Pay-as-you-go access to your genome? That’s the big idea behind Helix, a company that wants to make extracting information hidden in your genome as easy—and cheap—as installing a phone app. It took Helix the entire year to make its idea a reality, including building a massive, centralized DNA sequencing facility in San Diego. The app store finally launched in November, and will offer National Geographic’s ancestry research service, called Geno 2.0, as well as an app that uses your DNA to recommend wines you might enjoy and another that advises parents-to-be about genes they may pass on to their children. To participate, order any of the tests and give a single spit sample. After that, your DNA will remain on file so any new apps you buy can access it instantly.
The 27-acre facility built by Elon Musk’s solar company in Buffalo, New York, is expected to start producing solar cells in 2017. That could cause the cost of installing solar panels on homes to fall dramatically, as SolarCity is in full control of manufacturing, selling, and installing them. Still, SolarCity has consistently lost money. And although a recent deal to merge it with Musk’s car company, Tesla Motors, will provide new resources, the auto company has troubles of its own.
Sometimes new ideas only catch hold when the right time and implementation come along. Such is the story of Slack, which offers instant messaging and chat rooms for use at work. The service’s core is similar to Internet Relay Chat, which originated in the late 1980s. Slack’s inclusion of features such as file uploads and seamless syncing across mobile and desktop devices have proven to be a major draw for workers bogged down with e-mail. Slack is now working to parlay its popularity with startups and other companies keen to experiment into success with more traditional corporations. The fact that Microsoft is launching a service similar to Slack, called Teams, suggests that instant messaging at work is here to stay.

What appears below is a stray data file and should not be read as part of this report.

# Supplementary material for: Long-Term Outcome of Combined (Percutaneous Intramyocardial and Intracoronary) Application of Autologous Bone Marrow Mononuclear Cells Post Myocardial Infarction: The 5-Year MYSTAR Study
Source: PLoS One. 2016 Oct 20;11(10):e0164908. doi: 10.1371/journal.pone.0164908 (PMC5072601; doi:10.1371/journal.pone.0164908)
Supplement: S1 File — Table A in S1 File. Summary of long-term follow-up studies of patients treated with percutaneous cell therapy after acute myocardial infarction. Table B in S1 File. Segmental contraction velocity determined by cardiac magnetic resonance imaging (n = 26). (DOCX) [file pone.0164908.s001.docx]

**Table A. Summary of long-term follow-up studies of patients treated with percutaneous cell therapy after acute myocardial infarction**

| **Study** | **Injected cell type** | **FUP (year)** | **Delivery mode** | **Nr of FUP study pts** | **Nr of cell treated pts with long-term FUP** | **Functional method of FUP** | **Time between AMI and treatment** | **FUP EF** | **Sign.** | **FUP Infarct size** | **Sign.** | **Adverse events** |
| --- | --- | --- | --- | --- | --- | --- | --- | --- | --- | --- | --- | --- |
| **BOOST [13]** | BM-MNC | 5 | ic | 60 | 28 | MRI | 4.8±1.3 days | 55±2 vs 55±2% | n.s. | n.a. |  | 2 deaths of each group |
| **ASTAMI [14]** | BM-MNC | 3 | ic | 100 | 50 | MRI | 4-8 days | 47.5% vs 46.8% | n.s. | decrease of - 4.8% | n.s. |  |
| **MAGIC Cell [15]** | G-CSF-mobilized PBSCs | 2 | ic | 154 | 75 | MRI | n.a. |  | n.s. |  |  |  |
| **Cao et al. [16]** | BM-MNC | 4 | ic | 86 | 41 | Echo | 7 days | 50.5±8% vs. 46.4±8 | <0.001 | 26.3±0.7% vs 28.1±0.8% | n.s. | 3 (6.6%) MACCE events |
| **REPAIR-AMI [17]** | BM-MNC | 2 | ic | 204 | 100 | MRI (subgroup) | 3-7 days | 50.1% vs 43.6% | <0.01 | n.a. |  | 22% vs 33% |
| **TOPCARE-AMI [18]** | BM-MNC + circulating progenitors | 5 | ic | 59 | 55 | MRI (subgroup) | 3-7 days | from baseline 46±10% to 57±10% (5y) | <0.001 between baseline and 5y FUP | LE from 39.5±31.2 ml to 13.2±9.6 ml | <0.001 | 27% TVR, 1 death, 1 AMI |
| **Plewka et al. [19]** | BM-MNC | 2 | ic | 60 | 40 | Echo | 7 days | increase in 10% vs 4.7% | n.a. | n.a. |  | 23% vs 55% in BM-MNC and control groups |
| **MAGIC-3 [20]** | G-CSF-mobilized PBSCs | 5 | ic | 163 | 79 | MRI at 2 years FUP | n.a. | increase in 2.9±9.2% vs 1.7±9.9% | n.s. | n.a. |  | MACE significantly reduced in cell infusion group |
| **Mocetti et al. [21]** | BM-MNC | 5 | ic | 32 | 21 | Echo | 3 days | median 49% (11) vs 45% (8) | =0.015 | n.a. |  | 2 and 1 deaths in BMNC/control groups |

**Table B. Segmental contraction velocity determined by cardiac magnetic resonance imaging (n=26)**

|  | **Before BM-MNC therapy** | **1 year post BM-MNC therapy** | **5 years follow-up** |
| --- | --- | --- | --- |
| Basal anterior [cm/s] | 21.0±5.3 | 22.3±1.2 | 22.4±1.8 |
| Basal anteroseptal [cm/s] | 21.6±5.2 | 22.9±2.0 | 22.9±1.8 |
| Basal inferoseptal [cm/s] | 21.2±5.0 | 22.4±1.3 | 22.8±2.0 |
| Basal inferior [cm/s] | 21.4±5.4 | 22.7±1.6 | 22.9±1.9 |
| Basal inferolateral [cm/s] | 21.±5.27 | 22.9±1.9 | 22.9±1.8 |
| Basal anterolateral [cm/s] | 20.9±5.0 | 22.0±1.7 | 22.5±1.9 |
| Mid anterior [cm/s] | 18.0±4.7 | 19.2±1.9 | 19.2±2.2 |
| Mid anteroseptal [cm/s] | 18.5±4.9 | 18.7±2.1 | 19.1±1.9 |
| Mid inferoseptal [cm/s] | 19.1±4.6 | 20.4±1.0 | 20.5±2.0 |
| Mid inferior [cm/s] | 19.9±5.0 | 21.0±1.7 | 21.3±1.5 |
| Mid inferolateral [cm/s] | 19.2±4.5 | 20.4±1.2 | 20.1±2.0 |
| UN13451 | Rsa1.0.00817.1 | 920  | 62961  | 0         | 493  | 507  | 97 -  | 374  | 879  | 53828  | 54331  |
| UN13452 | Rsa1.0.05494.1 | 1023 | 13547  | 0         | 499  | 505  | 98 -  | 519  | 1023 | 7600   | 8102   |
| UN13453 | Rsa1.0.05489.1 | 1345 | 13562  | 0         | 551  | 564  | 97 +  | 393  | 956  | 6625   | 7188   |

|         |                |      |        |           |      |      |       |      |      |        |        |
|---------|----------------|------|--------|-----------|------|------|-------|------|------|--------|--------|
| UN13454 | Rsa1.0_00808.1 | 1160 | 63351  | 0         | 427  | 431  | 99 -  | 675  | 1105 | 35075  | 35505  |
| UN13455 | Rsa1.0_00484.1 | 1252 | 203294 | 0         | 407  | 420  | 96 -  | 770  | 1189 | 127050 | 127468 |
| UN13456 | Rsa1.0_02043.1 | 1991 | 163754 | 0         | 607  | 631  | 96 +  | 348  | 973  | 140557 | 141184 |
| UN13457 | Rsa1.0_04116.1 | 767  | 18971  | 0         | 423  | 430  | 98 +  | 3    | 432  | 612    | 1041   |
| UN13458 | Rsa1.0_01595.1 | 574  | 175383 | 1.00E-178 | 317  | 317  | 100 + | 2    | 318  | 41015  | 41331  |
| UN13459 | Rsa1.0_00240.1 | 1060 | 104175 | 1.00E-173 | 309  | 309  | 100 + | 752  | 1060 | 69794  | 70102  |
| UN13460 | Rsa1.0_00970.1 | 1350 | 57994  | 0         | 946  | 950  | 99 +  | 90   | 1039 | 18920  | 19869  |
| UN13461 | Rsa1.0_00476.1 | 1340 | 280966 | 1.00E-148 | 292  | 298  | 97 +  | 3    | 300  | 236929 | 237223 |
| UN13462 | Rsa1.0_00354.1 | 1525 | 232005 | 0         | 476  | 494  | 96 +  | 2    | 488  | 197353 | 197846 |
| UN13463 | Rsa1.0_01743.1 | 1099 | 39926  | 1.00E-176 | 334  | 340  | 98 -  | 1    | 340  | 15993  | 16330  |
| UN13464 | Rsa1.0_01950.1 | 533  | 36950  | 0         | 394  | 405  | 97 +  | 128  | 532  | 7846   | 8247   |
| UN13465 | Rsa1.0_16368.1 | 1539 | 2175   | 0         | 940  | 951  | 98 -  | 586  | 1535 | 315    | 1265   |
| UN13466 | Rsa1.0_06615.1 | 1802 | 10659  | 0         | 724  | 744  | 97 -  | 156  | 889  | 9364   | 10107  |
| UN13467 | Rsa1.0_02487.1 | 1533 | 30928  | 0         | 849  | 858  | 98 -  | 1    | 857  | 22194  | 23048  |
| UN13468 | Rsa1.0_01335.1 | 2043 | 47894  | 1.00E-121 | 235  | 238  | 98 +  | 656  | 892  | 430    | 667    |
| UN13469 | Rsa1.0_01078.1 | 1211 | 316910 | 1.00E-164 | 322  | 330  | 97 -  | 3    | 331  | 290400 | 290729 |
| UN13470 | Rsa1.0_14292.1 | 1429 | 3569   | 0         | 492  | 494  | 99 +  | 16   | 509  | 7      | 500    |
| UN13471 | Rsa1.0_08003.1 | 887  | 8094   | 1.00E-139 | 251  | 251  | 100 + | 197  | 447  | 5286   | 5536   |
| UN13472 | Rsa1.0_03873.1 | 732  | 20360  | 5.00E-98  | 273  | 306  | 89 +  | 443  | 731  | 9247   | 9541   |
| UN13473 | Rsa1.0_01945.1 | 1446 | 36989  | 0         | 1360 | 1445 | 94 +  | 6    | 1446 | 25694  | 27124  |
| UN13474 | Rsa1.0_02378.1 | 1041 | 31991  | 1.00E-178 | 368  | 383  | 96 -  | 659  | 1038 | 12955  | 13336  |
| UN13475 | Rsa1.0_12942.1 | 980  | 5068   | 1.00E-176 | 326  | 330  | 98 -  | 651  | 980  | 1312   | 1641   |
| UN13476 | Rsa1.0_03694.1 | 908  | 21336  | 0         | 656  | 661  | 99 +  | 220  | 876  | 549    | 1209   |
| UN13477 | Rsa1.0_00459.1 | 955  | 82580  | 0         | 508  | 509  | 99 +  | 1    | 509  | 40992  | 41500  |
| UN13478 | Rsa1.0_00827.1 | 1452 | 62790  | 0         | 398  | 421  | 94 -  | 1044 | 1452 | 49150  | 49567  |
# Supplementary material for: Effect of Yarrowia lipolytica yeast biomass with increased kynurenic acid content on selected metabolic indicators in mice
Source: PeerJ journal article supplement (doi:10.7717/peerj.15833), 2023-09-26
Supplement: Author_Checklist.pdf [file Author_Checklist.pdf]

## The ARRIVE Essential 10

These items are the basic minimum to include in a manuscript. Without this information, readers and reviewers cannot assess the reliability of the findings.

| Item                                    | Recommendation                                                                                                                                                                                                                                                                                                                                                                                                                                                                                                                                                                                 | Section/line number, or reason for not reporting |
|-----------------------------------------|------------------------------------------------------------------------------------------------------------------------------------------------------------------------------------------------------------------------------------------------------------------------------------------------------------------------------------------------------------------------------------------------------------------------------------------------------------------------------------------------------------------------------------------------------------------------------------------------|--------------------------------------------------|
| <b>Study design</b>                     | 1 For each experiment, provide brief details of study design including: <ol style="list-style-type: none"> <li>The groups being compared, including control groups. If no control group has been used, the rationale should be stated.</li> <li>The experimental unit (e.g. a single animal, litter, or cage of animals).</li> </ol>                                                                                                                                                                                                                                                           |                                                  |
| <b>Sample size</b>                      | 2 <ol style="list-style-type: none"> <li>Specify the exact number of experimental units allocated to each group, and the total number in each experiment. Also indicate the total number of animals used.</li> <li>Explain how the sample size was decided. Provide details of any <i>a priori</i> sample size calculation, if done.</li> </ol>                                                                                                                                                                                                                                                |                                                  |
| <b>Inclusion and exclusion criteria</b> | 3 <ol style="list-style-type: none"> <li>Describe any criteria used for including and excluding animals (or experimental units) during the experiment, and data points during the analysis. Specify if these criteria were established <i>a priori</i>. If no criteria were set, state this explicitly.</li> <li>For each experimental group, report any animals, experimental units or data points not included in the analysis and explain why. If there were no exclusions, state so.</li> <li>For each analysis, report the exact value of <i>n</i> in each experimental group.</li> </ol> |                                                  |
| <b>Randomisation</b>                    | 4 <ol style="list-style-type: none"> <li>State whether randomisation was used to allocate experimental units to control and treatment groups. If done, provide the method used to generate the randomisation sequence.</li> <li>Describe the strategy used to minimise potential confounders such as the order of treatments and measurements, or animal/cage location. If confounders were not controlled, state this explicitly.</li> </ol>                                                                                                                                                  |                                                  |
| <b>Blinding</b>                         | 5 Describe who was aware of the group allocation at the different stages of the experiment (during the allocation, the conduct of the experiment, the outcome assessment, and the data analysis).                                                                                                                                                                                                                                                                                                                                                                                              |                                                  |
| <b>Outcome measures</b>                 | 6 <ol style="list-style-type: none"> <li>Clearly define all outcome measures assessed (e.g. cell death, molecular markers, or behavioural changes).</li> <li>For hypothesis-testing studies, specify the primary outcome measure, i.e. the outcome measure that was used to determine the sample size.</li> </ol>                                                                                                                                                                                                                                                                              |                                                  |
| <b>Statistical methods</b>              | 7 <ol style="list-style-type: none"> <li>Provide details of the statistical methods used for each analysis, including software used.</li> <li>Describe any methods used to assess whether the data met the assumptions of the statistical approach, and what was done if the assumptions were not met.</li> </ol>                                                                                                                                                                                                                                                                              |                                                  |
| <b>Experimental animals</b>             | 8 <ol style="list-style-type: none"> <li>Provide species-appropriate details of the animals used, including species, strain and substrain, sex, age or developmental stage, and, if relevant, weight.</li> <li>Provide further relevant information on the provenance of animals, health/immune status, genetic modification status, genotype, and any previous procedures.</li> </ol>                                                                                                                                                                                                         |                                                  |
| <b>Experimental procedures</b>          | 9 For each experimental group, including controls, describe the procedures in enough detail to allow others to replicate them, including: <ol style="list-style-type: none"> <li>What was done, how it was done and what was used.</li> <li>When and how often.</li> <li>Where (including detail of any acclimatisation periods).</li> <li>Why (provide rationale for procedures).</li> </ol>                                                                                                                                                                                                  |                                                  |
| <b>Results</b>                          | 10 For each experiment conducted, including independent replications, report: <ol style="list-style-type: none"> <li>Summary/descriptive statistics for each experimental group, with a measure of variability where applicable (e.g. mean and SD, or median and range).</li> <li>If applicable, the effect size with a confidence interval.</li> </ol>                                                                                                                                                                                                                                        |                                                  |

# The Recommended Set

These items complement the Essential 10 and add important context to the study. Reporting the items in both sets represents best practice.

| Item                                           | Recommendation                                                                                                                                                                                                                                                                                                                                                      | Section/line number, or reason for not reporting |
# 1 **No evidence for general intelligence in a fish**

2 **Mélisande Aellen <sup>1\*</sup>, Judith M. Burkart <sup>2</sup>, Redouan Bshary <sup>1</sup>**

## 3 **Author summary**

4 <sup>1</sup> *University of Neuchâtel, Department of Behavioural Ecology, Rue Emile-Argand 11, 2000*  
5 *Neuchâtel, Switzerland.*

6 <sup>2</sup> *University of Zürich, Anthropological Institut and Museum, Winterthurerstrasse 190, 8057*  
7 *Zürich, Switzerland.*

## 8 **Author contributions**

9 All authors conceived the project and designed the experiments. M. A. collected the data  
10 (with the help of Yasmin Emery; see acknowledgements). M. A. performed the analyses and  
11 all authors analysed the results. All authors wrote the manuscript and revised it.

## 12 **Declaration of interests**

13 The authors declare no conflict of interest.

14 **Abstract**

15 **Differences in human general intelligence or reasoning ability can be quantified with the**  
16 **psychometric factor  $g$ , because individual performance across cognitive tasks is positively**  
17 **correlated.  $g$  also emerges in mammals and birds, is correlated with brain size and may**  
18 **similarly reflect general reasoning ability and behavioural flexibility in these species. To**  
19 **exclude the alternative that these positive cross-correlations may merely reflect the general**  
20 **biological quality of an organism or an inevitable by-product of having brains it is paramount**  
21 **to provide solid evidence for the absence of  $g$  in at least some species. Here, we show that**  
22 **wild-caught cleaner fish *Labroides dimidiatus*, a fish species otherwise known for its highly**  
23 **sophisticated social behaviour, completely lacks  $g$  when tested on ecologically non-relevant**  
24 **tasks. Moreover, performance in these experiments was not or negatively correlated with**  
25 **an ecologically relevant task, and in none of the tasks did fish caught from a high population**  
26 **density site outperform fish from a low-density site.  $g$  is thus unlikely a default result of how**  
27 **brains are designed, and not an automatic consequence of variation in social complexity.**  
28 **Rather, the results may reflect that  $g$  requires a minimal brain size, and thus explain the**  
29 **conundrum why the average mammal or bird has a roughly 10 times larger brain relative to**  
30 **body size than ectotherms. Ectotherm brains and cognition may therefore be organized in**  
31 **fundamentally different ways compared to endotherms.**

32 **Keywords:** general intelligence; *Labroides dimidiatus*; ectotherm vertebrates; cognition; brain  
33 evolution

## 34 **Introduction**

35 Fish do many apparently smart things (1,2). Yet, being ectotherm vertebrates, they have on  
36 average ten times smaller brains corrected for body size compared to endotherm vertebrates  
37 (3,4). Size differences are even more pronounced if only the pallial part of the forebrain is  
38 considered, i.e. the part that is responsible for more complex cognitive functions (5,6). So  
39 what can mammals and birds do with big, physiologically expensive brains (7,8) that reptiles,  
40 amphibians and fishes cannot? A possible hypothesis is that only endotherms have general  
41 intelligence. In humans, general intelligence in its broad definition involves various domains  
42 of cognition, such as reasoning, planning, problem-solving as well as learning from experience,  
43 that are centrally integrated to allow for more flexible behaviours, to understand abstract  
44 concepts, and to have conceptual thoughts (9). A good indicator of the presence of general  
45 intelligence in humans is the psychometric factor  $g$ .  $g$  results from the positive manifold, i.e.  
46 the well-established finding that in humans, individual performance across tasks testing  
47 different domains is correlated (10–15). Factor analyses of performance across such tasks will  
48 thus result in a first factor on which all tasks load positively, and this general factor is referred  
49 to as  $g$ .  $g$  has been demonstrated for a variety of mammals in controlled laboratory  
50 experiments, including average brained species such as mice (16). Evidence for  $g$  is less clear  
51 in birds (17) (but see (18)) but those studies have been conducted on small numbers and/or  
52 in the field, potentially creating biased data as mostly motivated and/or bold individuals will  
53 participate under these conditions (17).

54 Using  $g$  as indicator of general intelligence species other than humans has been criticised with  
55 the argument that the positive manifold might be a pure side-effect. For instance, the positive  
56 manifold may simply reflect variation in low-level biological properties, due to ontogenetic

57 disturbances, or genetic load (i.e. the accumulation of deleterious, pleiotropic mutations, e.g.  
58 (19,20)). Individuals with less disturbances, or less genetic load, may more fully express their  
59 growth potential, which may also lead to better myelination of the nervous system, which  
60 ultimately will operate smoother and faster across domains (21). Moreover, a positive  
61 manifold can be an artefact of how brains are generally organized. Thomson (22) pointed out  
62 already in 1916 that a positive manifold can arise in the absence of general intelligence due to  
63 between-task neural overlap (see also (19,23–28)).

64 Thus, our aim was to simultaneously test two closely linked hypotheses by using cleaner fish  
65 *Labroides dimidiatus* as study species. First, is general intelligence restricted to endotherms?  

We put Tesla’s automated driving technology on our list after the car company used a software update to upgrade 60,000 cars on the road with the ability to steer themselves on certain roads. The feature has since driven Tesla owners more than 200 million miles. Tesla recently added new hardware to its vehicles that CEO Elon Musk says will allow “full self-driving capability.” When that capability might be activated is unclear, but Musk thinks he can get it into the public’s hands faster than competing automated driving projects. The data connections in all Tesla vehicles may give the company an advantage by helping it test software against real-world data. But Tesla’s efforts will be complicated by the two federal investigations into the first fatal crash involving Autopilot, in which a Tesla drove into a tractor-trailer turning across the road.
We live submerged in an ocean of Wi-Fi signals—and it’s possible to design gadgets that use them to power themselves and communicate. Researchers at the University of Washington developed that approach, which they call passive Wi-Fi, and created a startup called Jeeva Wireless to commercialize it. The company is now talking with a major pharmaceutical company about adding connectivity to disposable medical products. Back in the university labs, the researchers behind the company have demonstrated a Wi-Fi-powered contact lens that can link to a smartphone over Wi-Fi, and a prototype skin patch that uses the same approach to collect and communicate data on a person’s temperature and breathing patterns.